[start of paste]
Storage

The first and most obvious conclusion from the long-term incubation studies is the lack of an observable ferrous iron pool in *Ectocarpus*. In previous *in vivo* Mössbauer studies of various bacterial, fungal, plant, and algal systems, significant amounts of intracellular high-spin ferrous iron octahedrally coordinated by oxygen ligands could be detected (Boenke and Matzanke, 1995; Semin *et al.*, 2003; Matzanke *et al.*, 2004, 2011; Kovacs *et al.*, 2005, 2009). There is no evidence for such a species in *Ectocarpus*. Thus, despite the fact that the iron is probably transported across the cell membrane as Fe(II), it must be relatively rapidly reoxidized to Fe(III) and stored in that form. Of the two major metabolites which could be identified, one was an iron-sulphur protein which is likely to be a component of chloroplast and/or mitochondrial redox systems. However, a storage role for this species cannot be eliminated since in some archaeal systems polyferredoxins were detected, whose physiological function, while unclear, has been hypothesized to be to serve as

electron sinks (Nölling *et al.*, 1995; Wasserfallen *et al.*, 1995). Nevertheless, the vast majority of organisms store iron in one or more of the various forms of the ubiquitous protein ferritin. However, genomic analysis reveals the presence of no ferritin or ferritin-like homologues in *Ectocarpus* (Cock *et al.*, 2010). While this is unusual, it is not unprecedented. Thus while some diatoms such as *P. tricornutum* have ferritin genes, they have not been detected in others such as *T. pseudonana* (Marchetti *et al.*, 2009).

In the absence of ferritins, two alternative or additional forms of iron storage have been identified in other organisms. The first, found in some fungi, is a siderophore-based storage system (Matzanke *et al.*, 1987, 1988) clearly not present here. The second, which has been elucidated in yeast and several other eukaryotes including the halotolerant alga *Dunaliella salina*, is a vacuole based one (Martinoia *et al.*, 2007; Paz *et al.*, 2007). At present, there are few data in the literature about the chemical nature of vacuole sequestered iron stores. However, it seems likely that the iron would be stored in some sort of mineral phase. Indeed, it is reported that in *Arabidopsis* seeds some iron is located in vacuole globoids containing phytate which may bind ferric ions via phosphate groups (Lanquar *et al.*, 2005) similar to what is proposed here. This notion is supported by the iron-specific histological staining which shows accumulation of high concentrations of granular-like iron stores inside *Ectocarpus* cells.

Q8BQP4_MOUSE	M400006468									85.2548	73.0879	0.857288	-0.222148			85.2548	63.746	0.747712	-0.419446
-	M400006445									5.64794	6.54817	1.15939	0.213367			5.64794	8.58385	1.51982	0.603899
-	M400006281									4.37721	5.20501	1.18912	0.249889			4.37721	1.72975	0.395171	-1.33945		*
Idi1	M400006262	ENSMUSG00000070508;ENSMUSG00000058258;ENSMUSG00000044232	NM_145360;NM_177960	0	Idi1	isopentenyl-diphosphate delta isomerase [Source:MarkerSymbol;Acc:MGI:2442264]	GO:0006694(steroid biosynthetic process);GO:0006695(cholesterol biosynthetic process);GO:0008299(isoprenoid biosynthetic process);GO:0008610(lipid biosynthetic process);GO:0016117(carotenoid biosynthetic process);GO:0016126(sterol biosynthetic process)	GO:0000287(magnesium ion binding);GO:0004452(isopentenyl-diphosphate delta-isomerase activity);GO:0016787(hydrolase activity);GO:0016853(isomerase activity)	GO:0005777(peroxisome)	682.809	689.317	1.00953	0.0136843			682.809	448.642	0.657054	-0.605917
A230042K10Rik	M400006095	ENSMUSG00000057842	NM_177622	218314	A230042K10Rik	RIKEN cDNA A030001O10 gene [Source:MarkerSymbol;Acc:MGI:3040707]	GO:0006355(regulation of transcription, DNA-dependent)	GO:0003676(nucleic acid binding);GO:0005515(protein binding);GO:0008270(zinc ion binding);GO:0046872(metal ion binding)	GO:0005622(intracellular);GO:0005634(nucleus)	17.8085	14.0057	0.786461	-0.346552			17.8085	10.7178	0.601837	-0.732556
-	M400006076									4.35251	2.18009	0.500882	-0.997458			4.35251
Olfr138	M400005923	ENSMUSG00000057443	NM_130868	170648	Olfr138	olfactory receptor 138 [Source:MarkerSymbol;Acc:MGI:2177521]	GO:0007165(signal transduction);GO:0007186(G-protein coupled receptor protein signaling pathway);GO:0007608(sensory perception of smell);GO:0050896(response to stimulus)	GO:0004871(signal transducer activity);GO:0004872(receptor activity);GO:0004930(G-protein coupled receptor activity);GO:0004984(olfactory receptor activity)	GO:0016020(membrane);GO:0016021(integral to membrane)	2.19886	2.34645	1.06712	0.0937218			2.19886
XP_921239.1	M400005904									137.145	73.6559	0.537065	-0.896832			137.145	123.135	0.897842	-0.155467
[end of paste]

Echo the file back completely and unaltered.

Storage

The first and most obvious conclusion from the long-term incubation studies is the lack of an observable ferrous iron pool in *Ectocarpus*. In previous *in vivo* Mössbauer studies of various bacterial, fungal, plant, and algal systems, significant amounts of intracellular high-spin ferrous iron octahedrally coordinated by oxygen ligands could be detected (Boenke and Matzanke, 1995; Semin *et al.*, 2003; Matzanke *et al.*, 2004, 2011; Kovacs *et al.*, 2005, 2009). There is no evidence for such a species in *Ectocarpus*. Thus, despite the fact that the iron is probably transported across the cell membrane as Fe(II), it must be relatively rapidly reoxidized to Fe(III) and stored in that form. Of the two major metabolites which could be identified, one was an iron-sulphur protein which is likely to be a component of chloroplast and/or mitochondrial redox systems. However, a storage role for this species cannot be eliminated since in some archaeal systems polyferredoxins were detected, whose physiological function, while unclear, has been hypothesized to be to serve as

electron sinks (Nölling *et al.*, 1995; Wasserfallen *et al.*, 1995). Nevertheless, the vast majority of organisms store iron in one or more of the various forms of the ubiquitous protein ferritin. However, genomic analysis reveals the presence of no ferritin or ferritin-like homologues in *Ectocarpus* (Cock *et al.*, 2010). While this is unusual, it is not unprecedented. Thus while some diatoms such as *P. tricornutum* have ferritin genes, they have not been detected in others such as *T. pseudonana* (Marchetti *et al.*, 2009).

In the absence of ferritins, two alternative or additional forms of iron storage have been identified in other organisms. The first, found in some fungi, is a siderophore-based storage system (Matzanke *et al.*, 1987, 1988) clearly not present here. The second, which has been elucidated in yeast and several other eukaryotes including the halotolerant alga *Dunaliella salina*, is a vacuole based one (Martinoia *et al.*, 2007; Paz *et al.*, 2007). At present, there are few data in the literature about the chemical nature of vacuole sequestered iron stores. However, it seems likely that the iron would be stored in some sort of mineral phase. Indeed, it is reported that in *Arabidopsis* seeds some iron is located in vacuole globoids containing phytate which may bind ferric ions via phosphate groups (Lanquar *et al.*, 2005) similar to what is proposed here. This notion is supported by the iron-specific histological staining which shows accumulation of high concentrations of granular-like iron stores inside *Ectocarpus* cells.

Q8BQP4_MOUSE	M400006468									85.2548	73.0879	0.857288	-0.222148			85.2548	63.746	0.747712	-0.419446
-	M400006445									5.64794	6.54817	1.15939	0.213367			5.64794	8.58385	1.51982	0.603899
-	M400006281									4.37721	5.20501	1.18912	0.249889			4.37721	1.72975	0.395171	-1.33945		*
Idi1	M400006262	ENSMUSG00000070508;ENSMUSG00000058258;ENSMUSG00000044232	NM_145360;NM_177960	0	Idi1	isopentenyl-diphosphate delta isomerase [Source:MarkerSymbol;Acc:MGI:2442264]	GO:0006694(steroid biosynthetic process);GO:0006695(cholesterol biosynthetic process);GO:0008299(isoprenoid biosynthetic process);GO:0008610(lipid biosynthetic process);GO:0016117(carotenoid biosynthetic process);GO:0016126(sterol biosynthetic process)	GO:0000287(magnesium ion binding);GO:0004452(isopentenyl-diphosphate delta-isomerase activity);GO:0016787(hydrolase activity);GO:0016853(isomerase activity)	GO:0005777(peroxisome)	682.809	689.317	1.00953	0.0136843			682.809	448.642	0.657054	-0.605917
A230042K10Rik	M400006095	ENSMUSG00000057842	NM_177622	218314	A230042K10Rik	RIKEN cDNA A030001O10 gene [Source:MarkerSymbol;Acc:MGI:3040707]	GO:0006355(regulation of transcription, DNA-dependent)	GO:0003676(nucleic acid binding);GO:0005515(protein binding);GO:0008270(zinc ion binding);GO:0046872(metal ion binding)	GO:0005622(intracellular);GO:0005634(nucleus)	17.8085	14.0057	0.786461	-0.346552			17.8085	10.7178	0.601837	-0.732556
-	M400006076									4.35251	2.18009	0.500882	-0.997458			4.35251
Olfr138	M400005923	ENSMUSG00000057443	NM_130868	170648	Olfr138	olfactory receptor 138 [Source:MarkerSymbol;Acc:MGI:2177521]	GO:0007165(signal transduction);GO:0007186(G-protein coupled receptor protein signaling pathway);GO:0007608(sensory perception of smell);GO:0050896(response to stimulus)	GO:0004871(signal transducer activity);GO:0004872(receptor activity);GO:0004930(G-protein coupled receptor activity);GO:0004984(olfactory receptor activity)	GO:0016020(membrane);GO:0016021(integral to membrane)	2.19886	2.34645	1.06712	0.0937218			2.19886
XP_921239.1	M400005904									137.145	73.6559	0.537065	-0.896832			137.145	123.135	0.897842	-0.155467